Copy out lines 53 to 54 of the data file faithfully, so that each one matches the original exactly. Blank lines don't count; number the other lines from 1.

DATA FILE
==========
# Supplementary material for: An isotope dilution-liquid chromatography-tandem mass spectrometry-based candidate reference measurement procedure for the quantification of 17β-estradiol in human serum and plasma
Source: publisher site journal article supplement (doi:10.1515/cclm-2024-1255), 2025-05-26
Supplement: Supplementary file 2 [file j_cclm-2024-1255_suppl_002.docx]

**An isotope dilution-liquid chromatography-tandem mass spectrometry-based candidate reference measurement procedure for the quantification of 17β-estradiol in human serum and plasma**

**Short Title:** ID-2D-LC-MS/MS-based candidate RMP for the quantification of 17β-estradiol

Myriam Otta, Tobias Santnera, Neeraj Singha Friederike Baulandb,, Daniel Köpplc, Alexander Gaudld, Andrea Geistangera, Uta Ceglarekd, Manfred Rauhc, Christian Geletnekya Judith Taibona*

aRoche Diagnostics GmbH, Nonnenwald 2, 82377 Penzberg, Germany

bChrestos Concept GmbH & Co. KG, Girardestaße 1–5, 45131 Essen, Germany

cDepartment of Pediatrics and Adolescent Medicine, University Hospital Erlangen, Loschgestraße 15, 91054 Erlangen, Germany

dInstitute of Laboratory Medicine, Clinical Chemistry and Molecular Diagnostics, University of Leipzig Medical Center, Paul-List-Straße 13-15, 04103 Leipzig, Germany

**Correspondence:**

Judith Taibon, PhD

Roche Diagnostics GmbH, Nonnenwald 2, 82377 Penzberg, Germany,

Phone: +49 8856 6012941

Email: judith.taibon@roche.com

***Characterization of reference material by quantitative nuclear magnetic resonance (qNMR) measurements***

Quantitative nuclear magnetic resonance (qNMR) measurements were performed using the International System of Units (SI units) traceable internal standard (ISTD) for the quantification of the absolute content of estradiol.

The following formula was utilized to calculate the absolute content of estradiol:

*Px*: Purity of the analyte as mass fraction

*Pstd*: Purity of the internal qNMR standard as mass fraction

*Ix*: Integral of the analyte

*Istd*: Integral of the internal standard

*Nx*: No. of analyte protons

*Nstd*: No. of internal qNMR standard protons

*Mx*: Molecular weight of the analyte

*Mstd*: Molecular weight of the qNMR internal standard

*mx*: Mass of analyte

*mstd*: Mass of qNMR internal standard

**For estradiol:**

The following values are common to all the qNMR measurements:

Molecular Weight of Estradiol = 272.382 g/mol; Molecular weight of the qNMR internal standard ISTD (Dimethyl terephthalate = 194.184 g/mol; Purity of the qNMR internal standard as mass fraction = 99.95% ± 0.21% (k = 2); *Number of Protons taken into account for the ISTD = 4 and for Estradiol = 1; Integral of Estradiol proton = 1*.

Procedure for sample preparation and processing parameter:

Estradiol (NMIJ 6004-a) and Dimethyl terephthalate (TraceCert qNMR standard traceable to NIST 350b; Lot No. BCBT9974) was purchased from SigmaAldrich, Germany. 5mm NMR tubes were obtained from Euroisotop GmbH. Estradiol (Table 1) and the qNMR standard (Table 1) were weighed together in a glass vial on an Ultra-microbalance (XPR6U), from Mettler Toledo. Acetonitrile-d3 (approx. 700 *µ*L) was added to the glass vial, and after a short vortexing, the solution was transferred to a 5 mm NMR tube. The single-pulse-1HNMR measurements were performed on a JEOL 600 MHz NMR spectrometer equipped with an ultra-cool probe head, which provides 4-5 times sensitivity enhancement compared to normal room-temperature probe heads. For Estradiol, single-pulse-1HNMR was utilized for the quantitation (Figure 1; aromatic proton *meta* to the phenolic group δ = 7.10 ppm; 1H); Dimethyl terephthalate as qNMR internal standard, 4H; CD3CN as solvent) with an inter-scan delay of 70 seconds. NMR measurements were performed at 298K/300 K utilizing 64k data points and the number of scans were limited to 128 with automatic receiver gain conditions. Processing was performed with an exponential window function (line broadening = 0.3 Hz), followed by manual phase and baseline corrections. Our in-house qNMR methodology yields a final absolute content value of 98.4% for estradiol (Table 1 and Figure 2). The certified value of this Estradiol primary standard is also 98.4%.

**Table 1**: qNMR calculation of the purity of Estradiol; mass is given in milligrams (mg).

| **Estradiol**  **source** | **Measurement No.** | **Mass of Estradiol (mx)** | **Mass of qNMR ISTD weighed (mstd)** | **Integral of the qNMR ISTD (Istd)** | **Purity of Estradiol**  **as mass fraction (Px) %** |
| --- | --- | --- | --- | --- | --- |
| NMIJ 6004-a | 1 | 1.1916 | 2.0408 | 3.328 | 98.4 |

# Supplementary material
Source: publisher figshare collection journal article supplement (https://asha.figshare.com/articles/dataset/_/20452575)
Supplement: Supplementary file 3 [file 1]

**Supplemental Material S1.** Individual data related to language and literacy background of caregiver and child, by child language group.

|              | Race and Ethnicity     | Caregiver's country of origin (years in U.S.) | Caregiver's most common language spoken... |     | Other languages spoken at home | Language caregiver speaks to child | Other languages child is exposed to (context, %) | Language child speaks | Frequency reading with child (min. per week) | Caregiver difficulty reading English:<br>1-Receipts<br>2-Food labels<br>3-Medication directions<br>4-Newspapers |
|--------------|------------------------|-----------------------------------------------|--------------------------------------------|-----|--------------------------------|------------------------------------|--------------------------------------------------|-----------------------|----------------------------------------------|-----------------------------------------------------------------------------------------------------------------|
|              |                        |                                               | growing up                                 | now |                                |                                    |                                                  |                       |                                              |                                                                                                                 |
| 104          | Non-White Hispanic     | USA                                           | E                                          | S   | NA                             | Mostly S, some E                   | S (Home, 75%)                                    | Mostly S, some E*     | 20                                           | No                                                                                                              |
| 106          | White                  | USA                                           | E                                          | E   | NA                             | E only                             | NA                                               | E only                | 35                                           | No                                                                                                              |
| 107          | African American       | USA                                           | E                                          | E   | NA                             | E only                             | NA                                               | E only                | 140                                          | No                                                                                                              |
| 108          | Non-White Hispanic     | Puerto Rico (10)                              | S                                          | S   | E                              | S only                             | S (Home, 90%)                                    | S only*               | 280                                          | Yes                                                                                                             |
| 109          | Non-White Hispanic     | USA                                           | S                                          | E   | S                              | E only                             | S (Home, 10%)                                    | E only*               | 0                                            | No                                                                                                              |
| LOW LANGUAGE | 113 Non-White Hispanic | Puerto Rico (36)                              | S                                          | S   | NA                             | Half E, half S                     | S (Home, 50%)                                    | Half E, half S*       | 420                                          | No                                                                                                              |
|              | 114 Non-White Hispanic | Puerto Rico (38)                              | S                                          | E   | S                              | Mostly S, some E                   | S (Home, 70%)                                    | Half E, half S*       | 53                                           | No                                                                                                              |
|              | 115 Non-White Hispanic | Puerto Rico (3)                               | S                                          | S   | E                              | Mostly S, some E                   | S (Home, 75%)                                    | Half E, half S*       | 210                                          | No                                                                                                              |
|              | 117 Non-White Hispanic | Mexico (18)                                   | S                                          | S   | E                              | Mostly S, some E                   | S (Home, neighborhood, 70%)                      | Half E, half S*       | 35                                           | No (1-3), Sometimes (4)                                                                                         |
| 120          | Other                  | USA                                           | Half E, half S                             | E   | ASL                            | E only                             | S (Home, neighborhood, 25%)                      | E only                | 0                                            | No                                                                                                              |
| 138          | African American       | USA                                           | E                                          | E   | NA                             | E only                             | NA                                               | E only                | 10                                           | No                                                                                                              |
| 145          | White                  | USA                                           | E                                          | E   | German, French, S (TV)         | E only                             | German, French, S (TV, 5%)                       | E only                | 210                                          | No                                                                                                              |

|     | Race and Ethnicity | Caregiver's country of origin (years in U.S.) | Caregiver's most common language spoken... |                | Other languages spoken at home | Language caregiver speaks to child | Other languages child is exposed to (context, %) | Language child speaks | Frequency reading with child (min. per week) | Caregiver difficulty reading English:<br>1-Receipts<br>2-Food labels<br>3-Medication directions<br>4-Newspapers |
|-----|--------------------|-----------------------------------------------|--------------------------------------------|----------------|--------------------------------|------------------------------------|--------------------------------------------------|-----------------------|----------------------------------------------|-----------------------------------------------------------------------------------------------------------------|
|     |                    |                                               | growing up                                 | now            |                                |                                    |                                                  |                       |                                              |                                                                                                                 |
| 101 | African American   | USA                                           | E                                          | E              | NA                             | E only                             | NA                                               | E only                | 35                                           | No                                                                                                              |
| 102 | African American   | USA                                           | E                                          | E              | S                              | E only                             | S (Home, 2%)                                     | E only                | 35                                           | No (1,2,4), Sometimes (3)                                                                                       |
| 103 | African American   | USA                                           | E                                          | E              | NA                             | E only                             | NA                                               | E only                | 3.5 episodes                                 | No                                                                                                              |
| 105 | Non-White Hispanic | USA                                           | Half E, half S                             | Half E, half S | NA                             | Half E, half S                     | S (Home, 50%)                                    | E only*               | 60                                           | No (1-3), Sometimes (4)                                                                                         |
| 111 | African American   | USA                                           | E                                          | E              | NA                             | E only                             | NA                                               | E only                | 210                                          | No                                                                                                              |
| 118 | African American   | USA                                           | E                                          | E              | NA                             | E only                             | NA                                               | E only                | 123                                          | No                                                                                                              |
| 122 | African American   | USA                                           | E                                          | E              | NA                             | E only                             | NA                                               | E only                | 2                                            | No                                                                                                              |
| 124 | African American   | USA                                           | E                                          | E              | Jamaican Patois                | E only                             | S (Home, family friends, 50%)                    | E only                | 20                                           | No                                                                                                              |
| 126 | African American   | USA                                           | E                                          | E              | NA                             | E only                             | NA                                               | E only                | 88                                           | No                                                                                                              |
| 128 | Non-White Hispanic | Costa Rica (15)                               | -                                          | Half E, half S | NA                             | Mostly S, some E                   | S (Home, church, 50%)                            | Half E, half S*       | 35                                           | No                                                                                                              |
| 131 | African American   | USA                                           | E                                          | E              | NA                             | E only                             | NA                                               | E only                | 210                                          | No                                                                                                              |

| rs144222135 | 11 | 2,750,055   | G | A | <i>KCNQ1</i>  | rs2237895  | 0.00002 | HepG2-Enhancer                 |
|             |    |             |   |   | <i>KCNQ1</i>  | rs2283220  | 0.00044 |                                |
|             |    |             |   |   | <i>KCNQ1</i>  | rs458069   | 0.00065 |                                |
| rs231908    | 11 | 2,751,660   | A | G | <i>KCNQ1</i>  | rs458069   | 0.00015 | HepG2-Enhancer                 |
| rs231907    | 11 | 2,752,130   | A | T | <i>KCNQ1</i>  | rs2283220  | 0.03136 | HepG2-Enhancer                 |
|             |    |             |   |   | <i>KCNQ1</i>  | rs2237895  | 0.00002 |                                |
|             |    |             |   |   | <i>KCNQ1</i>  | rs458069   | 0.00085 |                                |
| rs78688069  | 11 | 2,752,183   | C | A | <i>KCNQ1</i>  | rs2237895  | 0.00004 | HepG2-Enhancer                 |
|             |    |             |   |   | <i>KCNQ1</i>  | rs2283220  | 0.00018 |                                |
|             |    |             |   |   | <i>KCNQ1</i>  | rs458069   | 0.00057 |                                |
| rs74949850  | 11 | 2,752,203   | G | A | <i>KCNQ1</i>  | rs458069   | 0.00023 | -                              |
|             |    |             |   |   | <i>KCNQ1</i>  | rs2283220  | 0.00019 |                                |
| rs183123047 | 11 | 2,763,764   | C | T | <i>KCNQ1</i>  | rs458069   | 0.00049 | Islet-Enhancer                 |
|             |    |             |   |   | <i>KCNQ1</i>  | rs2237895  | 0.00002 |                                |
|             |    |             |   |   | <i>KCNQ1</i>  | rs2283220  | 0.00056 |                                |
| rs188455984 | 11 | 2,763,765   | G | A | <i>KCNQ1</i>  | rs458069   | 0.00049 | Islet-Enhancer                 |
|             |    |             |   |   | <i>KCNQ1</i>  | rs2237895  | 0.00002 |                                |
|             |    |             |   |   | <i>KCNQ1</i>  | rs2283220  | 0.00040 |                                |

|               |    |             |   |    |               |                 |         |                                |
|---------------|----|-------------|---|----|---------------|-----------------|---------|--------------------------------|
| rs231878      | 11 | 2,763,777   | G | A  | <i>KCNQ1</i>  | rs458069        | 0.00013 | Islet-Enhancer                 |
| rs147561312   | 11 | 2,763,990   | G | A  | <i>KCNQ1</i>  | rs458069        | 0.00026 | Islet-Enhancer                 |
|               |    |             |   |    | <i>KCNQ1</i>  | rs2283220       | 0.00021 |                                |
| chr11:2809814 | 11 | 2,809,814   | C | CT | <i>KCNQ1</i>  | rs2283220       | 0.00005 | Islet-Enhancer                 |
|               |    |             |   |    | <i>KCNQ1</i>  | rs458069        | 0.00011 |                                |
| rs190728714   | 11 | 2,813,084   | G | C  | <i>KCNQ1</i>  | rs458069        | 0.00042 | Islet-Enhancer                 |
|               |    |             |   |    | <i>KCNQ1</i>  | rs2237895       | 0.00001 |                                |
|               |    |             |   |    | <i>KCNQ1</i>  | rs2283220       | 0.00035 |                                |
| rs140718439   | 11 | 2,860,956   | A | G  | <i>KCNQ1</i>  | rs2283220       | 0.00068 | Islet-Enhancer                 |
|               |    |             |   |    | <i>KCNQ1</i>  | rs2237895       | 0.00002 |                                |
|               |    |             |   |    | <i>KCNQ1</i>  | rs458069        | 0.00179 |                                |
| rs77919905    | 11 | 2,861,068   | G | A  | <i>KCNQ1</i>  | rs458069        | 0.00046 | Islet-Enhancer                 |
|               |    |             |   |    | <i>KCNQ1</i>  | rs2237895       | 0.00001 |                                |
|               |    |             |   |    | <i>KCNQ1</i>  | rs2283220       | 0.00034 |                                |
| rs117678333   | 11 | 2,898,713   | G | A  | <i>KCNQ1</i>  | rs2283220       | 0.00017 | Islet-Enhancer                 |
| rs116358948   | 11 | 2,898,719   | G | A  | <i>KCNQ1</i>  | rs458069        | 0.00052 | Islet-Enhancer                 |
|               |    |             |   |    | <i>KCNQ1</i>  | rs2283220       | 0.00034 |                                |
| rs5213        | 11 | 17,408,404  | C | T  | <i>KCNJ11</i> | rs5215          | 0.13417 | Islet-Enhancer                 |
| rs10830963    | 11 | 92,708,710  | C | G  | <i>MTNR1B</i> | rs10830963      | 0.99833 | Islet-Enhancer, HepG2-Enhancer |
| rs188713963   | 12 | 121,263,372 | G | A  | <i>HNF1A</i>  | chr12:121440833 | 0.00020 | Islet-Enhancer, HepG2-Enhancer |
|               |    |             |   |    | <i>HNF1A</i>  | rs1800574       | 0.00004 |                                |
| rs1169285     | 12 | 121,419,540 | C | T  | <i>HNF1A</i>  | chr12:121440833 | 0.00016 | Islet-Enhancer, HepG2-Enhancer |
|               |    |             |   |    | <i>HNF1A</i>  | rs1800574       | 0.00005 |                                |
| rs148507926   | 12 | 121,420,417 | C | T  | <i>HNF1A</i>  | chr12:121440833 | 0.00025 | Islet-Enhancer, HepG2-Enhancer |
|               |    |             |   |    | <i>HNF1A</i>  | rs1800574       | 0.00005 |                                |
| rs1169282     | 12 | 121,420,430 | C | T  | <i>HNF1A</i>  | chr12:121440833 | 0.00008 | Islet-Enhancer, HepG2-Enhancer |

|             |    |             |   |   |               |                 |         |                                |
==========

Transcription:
|              | 117 Non-White Hispanic | Mexico (18)                                   | S                                          | S   | E                              | Mostly S, some E                   | S (Home, neighborhood, 70%)                      | Half E, half S*       | 35                                           | No (1-3), Sometimes (4)                                                                                         |
| 120          | Other                  | USA                                           | Half E, half S                             | E   | ASL                            | E only                             | S (Home, neighborhood, 25%)                      | E only                | 0                                            | No                                                                                                              |